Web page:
The second difference is that it’s really hard to wake up someone in the middle of an episode. On the other hand, nightmares can actually wake up the person who is having a bad dream.

People who experience night terrors may not remember them at all, while someone who has nightmares usually remembers bits and pieces or the entire thing in vivid detail (Nadorff, 2015; Leung 2020).

How are night terrors diagnosed?

There is no standardized clinical test to diagnose night terrors.

Your healthcare provider will ask you about a family history of night terrors, any preexisting conditions, and get a detailed account of what’s happening when you experience night terrors.

In order to get this information, your partner or family members might help. This information also helps rule out other sleep disorders or health problems like seizures (Horn, 2021).

How do you treat night terrors?

It’s quite common for kids to grow out of night terror––most children are free of them by adolescence. 

Occasional night terrors are usually not cause for concern and could be a response to stress, anxiety, or poor sleep hygiene. However, if episodes become more frequent, disrupt others’ sleep, lead to safety concerns (like sleepwalking), or excessive daytime sleepiness, talk to a healthcare professional. Having that conversation is crucial in reducing the frequency and severity of night terrors, and hopefully eliminating them completely.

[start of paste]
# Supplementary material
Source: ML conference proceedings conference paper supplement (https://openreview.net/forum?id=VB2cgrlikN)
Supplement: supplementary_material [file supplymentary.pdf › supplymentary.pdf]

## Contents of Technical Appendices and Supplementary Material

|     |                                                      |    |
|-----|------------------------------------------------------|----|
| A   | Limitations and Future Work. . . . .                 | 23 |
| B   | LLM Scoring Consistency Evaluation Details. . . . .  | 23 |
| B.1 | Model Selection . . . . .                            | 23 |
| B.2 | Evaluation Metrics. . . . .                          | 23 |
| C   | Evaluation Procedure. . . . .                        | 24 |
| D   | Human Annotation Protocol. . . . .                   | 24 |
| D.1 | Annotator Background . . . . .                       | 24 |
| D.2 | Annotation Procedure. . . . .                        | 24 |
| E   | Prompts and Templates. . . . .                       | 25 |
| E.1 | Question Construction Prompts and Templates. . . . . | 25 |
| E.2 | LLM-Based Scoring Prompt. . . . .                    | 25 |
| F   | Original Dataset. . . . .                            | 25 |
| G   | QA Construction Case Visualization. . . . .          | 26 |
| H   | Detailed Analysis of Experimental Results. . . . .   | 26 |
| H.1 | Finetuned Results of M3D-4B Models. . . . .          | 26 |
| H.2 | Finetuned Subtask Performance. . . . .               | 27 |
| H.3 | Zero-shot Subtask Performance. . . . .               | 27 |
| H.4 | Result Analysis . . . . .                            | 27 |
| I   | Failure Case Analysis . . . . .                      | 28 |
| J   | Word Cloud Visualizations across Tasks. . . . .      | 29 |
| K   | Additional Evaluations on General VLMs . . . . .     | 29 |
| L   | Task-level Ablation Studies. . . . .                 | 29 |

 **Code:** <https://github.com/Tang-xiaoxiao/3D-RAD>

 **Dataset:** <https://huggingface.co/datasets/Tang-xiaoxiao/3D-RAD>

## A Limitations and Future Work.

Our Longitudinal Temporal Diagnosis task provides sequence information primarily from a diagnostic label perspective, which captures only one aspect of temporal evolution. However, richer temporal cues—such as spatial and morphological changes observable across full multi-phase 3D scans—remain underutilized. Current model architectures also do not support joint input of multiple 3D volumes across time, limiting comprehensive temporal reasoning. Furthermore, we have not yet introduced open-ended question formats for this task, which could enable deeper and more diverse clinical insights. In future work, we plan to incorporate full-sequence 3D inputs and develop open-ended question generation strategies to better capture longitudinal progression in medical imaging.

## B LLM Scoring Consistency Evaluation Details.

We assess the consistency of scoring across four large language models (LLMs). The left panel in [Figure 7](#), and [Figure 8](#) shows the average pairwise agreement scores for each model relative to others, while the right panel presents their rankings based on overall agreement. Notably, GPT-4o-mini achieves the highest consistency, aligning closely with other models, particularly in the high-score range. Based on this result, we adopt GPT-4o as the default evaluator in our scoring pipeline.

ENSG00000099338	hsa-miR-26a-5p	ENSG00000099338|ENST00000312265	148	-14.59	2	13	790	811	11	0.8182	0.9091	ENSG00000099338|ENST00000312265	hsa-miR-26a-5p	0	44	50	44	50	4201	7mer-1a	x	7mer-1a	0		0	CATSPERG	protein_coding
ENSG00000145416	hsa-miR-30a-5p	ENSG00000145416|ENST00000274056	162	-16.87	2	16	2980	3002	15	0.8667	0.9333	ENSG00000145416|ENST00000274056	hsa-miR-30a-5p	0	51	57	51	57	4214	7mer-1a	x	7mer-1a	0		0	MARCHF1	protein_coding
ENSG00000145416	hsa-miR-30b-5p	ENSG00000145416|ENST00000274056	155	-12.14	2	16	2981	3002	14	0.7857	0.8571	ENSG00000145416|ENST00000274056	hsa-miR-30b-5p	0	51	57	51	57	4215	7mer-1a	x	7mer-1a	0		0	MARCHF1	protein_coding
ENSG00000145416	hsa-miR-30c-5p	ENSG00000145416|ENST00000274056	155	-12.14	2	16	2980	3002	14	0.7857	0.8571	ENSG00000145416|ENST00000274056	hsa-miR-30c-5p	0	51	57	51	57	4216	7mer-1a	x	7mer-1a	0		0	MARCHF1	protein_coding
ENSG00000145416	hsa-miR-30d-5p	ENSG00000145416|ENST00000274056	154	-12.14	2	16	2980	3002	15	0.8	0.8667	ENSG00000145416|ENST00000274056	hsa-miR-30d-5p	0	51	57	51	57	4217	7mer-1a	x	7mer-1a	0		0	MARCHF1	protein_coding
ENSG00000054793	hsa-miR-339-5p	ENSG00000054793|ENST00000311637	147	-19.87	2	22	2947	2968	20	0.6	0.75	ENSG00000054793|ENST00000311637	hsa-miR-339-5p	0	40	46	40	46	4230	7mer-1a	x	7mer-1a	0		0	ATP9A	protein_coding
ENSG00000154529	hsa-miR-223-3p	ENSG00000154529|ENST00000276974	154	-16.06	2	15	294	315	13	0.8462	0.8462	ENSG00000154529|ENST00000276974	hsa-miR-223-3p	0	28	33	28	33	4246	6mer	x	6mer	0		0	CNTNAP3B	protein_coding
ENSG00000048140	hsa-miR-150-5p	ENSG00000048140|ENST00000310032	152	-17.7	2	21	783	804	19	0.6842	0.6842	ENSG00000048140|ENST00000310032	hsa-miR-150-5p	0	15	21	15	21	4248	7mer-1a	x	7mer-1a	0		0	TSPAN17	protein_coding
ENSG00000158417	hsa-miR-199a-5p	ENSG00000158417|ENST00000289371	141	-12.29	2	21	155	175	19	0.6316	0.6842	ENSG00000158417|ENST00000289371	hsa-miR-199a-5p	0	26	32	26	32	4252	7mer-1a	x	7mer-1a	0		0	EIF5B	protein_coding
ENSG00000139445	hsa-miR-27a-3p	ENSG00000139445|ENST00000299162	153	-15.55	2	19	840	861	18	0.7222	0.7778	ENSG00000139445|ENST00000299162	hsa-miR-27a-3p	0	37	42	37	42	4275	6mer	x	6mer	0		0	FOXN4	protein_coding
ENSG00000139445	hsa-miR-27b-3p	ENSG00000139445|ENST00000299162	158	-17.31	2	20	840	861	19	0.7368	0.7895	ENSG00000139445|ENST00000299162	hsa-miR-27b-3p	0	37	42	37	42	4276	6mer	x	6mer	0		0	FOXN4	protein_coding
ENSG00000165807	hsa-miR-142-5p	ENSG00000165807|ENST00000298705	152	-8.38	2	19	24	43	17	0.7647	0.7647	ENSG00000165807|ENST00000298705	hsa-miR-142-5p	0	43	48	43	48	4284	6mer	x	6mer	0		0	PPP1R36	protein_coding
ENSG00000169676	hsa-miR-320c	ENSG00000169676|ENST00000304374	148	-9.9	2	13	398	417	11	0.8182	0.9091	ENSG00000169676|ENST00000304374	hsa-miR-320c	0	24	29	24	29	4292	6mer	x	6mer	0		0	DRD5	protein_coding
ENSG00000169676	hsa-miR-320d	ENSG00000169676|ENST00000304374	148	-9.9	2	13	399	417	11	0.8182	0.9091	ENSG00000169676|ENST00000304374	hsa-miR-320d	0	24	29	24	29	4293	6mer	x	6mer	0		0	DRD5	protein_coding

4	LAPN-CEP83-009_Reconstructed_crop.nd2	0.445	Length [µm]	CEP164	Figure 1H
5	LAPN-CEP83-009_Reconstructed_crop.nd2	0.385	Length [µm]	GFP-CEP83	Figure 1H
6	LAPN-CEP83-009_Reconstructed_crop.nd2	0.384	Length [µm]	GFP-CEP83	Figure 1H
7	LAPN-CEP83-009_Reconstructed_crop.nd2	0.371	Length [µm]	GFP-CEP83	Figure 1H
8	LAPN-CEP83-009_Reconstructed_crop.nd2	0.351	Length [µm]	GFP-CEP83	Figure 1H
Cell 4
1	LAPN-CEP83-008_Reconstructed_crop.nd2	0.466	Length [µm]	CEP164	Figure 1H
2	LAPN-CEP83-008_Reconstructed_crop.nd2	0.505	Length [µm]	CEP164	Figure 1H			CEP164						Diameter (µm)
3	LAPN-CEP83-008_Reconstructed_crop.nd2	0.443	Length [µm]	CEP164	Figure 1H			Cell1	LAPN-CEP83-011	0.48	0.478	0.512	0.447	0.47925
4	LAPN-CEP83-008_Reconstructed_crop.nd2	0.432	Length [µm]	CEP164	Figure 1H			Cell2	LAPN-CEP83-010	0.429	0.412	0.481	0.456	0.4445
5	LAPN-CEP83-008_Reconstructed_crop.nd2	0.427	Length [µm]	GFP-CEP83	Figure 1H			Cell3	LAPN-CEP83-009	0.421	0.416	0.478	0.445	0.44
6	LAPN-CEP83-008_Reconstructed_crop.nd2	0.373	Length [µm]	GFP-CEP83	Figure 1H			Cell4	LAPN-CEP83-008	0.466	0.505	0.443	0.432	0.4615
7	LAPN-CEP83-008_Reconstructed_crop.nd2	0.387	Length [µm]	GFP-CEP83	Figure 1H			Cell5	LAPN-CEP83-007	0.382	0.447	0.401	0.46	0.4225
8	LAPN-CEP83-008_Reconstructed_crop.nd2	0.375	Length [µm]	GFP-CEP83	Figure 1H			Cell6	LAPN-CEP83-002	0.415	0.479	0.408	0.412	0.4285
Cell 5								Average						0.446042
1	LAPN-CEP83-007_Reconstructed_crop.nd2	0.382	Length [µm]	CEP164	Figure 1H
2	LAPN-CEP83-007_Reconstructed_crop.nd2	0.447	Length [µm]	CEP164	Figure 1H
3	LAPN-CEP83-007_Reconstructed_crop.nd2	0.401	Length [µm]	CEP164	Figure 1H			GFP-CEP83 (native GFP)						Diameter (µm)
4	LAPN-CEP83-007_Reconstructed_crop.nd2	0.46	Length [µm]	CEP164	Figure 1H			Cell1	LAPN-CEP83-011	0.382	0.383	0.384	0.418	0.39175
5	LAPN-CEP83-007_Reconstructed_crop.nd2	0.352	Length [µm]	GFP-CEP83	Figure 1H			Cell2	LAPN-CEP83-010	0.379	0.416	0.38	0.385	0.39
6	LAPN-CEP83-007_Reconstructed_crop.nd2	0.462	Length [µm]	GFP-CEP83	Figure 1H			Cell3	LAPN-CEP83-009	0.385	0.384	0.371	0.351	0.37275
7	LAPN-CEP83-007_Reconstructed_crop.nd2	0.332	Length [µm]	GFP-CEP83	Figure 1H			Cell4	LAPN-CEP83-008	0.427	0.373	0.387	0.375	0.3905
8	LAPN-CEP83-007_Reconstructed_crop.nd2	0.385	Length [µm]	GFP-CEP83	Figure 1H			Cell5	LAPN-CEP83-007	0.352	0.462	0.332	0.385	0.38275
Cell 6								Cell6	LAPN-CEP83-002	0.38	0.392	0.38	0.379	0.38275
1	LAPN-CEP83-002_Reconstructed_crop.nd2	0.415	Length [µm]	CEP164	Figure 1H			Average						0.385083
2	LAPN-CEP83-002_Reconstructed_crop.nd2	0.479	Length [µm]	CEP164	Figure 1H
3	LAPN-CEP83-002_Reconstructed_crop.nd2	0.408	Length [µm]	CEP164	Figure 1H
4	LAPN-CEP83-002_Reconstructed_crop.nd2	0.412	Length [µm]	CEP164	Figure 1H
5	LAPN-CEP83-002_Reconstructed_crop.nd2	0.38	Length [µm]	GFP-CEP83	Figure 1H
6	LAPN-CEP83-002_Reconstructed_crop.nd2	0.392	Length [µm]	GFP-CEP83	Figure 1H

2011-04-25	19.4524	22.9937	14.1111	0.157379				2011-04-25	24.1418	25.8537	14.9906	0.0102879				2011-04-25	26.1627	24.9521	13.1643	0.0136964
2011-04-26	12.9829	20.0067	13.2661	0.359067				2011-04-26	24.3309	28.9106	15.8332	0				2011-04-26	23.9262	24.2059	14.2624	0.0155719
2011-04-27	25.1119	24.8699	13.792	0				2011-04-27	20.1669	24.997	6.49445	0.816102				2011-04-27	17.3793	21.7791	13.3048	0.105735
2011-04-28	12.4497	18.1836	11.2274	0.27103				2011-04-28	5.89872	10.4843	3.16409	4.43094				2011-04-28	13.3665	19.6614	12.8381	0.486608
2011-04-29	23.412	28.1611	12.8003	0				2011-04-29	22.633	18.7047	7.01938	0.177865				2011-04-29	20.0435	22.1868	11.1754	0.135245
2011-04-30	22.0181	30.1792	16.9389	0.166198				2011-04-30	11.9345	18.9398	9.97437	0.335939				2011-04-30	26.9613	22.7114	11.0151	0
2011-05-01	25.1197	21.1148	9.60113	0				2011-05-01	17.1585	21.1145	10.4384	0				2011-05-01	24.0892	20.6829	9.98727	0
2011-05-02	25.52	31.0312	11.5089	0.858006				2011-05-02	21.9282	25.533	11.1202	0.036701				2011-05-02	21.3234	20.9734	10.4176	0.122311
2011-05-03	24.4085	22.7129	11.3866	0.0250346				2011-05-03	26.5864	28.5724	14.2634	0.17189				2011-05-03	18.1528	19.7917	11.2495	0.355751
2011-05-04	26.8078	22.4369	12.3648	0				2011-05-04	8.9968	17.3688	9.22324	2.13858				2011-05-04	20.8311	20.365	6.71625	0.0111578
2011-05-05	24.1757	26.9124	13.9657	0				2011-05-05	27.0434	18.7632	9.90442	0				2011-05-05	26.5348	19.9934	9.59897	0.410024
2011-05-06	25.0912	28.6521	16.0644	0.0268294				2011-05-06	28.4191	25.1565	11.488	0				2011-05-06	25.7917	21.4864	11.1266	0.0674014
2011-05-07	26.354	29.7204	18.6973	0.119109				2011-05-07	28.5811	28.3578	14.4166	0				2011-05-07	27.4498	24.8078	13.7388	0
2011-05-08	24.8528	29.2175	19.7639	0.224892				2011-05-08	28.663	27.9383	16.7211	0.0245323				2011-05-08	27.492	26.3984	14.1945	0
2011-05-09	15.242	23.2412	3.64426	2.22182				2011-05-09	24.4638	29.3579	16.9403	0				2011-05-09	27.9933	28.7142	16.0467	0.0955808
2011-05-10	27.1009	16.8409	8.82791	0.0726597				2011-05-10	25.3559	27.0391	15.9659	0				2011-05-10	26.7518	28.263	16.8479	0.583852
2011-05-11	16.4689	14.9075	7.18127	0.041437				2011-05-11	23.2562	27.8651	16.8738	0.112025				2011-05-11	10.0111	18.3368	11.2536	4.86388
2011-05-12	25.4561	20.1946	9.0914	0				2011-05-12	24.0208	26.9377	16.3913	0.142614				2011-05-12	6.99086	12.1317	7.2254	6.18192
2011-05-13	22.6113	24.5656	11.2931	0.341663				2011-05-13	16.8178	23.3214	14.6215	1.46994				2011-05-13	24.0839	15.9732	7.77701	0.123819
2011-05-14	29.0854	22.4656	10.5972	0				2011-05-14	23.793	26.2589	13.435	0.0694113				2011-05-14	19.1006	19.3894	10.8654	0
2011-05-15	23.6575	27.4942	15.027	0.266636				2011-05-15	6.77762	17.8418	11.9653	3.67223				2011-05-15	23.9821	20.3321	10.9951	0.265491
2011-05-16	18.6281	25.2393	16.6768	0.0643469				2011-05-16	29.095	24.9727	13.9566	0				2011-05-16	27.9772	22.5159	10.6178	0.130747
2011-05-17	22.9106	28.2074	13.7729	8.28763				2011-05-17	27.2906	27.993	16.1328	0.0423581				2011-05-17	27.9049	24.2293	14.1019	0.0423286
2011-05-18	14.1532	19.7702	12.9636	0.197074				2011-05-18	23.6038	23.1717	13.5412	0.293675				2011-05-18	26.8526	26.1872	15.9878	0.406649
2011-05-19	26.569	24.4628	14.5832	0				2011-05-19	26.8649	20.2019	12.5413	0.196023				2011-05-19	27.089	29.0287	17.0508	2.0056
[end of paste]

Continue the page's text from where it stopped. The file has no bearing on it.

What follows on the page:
Some lifestyle hacks could also decrease the frequency of night terrors. Practice good sleep habits, such as setting a regular sleep schedule. Avoid alcohol before bed, and try going to sleep and waking up the same time every night––even on weekends (AASM, 2021).


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  2. FISHER, C., KAHN, E., EDWARDS, A., & DAVIS, D. (1973). A PSYCHOPHYSIOLOGICAL STUDY OF NIGHTMARES AND NIGHT TERRORS. The Journal Of Nervous And Mental Disease, 157(2), 75-98. doi: 10.1097/00005053-197308000-00001. Retrieved from
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  5. Nadorff, M. R., Nadorff, D. K., & Germain, A. (2015). Nightmares: Under-Reported, Undetected, and Therefore Untreated. Journal of clinical sleep medicine : JCSM : official publication of the American Academy of Sleep Medicine. Doi: org/10.5664/jcsm.4850. Retrieved from:
  6. Nightmares & Other Disturbing Parasomnias – American Academy of Sleep Medicine (AASM). (2021). Retrieved from
  7. Horn, N., & Street, M. (2021). Night Terrors. Retrieved from
  8. Gedam, S., Patil, P., & Shivji, I. (2018). Childhood night terrors and sleepwalking: diagnosis and treatment. Open Journal Of Psychiatry & Allied Sciences, 9(1), 73. doi: 10.5958/2394-2061.2018.00014.9. Retrieved from
  9. Leung, A., Leung, A., Wong, A., & Hon, K. (2020). Sleep Terrors: An Updated Review. Current Pediatric Reviews, 16(3), 176-182. Doi: 10.2174/1573396315666191014152136. Retrieved from:

Felix Gussone is a physician, health journalist and a Manager, Medical Content & Education at Ro.